Inquiry is used in everyday observation of the patient, and it is very important to have good interview technique. Sometimes information obtained

during interview is sufficient to correct preliminary conclusion.

The ability to elicit an accurate history from the patient is crucial. It is this history, which provides the basis for priorities in the clinical examination and subsequent investigation, and management. The style of obtaining a history leads to the therapeutic alliance between doctor and patient – so essential for establishing trust and satisfaction.

It should be remembered that some people are naturally better communicators that others. From the patient's perspective the most important component of the clinical examination is the explanation. Clinicians who are courteous and patient, appear interested, encourage patients and relatives to ask questions and to spend time explaining situation in a way, which is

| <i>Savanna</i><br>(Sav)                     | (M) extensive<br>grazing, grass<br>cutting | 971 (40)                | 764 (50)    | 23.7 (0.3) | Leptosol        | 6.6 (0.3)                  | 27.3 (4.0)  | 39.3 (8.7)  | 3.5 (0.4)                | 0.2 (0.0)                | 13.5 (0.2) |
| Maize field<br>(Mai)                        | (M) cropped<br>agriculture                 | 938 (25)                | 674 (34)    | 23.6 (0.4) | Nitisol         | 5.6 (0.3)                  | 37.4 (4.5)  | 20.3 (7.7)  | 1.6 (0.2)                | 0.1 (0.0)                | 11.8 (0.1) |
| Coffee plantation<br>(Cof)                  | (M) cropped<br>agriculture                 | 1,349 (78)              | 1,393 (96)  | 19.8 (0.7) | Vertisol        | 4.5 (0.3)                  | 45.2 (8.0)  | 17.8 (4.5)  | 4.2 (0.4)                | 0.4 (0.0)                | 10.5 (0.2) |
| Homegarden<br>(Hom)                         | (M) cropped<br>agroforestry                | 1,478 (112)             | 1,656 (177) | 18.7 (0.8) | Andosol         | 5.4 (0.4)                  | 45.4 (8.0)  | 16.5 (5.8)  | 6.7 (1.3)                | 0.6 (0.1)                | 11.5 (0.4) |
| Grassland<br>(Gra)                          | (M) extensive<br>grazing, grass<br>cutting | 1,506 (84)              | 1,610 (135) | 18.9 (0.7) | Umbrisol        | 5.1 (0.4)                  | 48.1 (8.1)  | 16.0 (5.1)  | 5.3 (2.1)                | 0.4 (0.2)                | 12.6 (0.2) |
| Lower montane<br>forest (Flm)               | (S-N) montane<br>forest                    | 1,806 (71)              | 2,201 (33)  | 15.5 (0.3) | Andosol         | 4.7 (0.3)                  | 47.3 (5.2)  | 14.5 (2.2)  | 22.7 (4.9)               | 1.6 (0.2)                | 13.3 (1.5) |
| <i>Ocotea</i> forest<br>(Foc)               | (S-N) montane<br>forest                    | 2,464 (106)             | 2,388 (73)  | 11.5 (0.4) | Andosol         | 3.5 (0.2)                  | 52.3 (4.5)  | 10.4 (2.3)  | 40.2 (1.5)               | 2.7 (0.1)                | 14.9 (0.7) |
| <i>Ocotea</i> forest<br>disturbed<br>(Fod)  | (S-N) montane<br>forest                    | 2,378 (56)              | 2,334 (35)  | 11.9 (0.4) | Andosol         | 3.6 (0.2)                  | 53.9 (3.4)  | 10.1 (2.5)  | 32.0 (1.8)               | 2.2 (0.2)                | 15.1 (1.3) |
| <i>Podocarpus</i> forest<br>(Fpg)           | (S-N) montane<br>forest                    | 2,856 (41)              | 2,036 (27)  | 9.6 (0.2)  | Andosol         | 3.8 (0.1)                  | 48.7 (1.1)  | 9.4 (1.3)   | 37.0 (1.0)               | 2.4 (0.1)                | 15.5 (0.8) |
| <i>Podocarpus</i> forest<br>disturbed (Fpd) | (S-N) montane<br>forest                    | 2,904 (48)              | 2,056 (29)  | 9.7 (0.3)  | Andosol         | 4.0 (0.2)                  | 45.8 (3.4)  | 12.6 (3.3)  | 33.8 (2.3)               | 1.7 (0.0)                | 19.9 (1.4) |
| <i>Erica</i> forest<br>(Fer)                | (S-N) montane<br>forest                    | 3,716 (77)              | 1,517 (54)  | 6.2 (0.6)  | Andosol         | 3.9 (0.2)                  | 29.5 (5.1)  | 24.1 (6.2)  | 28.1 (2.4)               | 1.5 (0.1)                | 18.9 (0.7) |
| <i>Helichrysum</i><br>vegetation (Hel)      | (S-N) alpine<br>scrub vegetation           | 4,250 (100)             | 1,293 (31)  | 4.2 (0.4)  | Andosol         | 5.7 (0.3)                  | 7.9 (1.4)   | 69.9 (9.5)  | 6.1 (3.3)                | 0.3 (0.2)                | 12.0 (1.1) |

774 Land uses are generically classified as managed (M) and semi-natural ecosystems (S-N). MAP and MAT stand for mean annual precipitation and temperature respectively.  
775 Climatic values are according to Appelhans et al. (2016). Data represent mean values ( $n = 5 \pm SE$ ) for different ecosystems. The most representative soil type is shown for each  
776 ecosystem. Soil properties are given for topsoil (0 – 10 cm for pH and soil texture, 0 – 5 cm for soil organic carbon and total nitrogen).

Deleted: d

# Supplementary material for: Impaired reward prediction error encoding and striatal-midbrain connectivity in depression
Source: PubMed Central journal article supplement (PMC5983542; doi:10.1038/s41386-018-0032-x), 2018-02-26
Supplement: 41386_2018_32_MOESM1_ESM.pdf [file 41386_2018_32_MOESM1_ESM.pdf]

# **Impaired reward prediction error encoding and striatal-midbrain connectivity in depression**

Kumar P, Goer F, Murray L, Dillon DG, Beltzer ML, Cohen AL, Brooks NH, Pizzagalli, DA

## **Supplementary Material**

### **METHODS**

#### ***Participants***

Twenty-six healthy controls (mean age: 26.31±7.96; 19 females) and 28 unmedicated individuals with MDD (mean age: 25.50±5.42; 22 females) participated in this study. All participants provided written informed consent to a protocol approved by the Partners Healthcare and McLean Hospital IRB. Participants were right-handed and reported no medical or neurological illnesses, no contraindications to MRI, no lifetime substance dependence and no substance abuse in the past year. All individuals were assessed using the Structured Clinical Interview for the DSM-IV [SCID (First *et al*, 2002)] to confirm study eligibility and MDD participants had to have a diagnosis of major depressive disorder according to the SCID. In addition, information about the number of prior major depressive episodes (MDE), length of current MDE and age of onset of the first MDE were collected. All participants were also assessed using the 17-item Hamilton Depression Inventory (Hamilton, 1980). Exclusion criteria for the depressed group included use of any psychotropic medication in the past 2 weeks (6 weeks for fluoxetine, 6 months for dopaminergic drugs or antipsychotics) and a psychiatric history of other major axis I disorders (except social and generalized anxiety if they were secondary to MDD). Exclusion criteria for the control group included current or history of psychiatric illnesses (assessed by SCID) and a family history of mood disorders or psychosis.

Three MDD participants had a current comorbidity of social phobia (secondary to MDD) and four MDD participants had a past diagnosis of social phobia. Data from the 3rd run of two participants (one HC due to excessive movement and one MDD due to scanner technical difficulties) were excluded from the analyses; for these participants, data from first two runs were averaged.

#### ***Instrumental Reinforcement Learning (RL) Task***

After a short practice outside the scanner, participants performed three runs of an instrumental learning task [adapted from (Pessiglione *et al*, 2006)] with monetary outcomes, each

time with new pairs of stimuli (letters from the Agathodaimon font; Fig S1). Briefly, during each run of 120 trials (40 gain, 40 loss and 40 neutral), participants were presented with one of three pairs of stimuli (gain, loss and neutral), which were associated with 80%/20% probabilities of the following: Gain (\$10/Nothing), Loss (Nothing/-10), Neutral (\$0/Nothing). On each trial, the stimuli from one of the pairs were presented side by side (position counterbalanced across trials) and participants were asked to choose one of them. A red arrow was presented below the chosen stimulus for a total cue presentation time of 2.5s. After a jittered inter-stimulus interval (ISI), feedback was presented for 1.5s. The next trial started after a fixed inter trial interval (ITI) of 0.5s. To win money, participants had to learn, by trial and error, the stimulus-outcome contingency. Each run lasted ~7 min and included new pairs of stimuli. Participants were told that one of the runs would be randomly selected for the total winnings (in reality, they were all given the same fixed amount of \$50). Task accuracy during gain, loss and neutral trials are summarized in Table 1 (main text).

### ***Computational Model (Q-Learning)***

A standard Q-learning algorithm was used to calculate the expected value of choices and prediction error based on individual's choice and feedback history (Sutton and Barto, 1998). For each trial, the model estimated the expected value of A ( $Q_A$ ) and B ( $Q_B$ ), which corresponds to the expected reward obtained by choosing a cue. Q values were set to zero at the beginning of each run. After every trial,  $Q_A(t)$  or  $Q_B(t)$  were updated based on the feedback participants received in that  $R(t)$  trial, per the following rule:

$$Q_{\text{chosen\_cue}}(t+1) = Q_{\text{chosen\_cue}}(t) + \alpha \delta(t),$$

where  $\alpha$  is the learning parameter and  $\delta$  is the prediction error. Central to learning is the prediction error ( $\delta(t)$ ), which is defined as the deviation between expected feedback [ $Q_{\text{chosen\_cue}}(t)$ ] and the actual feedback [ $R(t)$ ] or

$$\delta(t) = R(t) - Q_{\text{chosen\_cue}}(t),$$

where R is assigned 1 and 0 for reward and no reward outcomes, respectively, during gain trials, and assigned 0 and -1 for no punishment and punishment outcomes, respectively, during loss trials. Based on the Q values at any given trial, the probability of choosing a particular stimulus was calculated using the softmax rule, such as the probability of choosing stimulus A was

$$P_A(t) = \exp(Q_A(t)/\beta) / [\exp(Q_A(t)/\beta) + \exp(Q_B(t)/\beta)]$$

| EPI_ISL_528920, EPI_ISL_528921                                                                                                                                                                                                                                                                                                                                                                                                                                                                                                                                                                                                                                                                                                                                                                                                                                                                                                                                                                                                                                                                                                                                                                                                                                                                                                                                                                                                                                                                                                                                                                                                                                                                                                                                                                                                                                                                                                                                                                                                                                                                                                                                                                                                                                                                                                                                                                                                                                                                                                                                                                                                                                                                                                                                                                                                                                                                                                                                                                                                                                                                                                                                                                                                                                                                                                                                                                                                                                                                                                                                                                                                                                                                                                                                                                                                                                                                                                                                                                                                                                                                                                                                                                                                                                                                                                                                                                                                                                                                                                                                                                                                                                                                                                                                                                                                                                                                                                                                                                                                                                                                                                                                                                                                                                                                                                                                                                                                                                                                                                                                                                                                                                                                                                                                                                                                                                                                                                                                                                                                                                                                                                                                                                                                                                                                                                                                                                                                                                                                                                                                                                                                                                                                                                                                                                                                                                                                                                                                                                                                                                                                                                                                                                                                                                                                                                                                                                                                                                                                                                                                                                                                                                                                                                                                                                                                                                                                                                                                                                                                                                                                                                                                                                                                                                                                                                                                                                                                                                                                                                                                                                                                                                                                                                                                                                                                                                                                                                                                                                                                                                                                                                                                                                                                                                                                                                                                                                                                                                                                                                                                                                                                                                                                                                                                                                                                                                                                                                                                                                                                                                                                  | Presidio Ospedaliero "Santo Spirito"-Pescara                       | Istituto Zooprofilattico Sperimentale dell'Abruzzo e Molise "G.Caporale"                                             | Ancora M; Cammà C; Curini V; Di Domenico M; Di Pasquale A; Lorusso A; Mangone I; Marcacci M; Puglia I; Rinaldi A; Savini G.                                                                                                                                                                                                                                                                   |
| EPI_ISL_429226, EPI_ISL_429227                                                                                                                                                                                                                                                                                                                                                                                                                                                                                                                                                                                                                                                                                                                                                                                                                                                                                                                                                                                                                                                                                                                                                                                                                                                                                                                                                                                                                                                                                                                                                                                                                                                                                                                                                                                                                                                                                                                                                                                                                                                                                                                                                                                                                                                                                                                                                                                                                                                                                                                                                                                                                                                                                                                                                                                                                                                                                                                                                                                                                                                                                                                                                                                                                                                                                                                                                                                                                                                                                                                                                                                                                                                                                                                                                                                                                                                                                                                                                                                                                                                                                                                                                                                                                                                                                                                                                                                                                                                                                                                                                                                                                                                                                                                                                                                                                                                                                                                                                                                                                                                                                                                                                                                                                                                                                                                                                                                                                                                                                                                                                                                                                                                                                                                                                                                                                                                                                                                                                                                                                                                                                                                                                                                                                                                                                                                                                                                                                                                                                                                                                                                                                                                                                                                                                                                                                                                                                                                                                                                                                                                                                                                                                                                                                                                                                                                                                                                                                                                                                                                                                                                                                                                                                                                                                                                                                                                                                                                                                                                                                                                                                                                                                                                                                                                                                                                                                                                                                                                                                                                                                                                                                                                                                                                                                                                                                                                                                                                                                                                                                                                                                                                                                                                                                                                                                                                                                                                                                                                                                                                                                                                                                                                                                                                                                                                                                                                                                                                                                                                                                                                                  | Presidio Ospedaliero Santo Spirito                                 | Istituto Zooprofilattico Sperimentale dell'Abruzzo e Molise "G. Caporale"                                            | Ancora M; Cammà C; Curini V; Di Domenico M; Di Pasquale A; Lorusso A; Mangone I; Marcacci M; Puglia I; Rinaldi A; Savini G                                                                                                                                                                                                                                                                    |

understood, are judged to be 'good doctors', irrespective of their attributes.

Inquiry includes following aspects: general information (passport part) – name, date of birth, age, address, occupation, etc; patient's present

complaints; history of the present disease (anamnesis morbi); and past history (anamnesis vitae).

Present Complaints

It is important to establish the patient's presenting complaint or complaints. The patient needs to understand what is being said. Generally speaking, technical terms are best avoided. The public is becoming increasingly informed through the Internet and mass media, but their use of medical jargon does not necessarily mean they understand the terms. Similarly there are terms such as ´shock’, ʼnervous breakdown’, and ʻgastric flu', which need to be clarified, if used by the patient.

The presenting complaint, as described by the patient, is the body of the history. The main complaints, those are most pronounced and determine the clinic of the disease, should be first detected. As a rule, the patient firstly describes the main complaints. However, sometimes the patient complains of unimportant signs, and only additional questioning helps to evaluate the main complaints. Detailed description of each complaint should be given according to definite plan: location, intensity, character, course, duration,

frequency, radiation, associated symptoms, cause of onset, aggravating factors, and relieving factors.

The patient should be questioned then according to special scheme: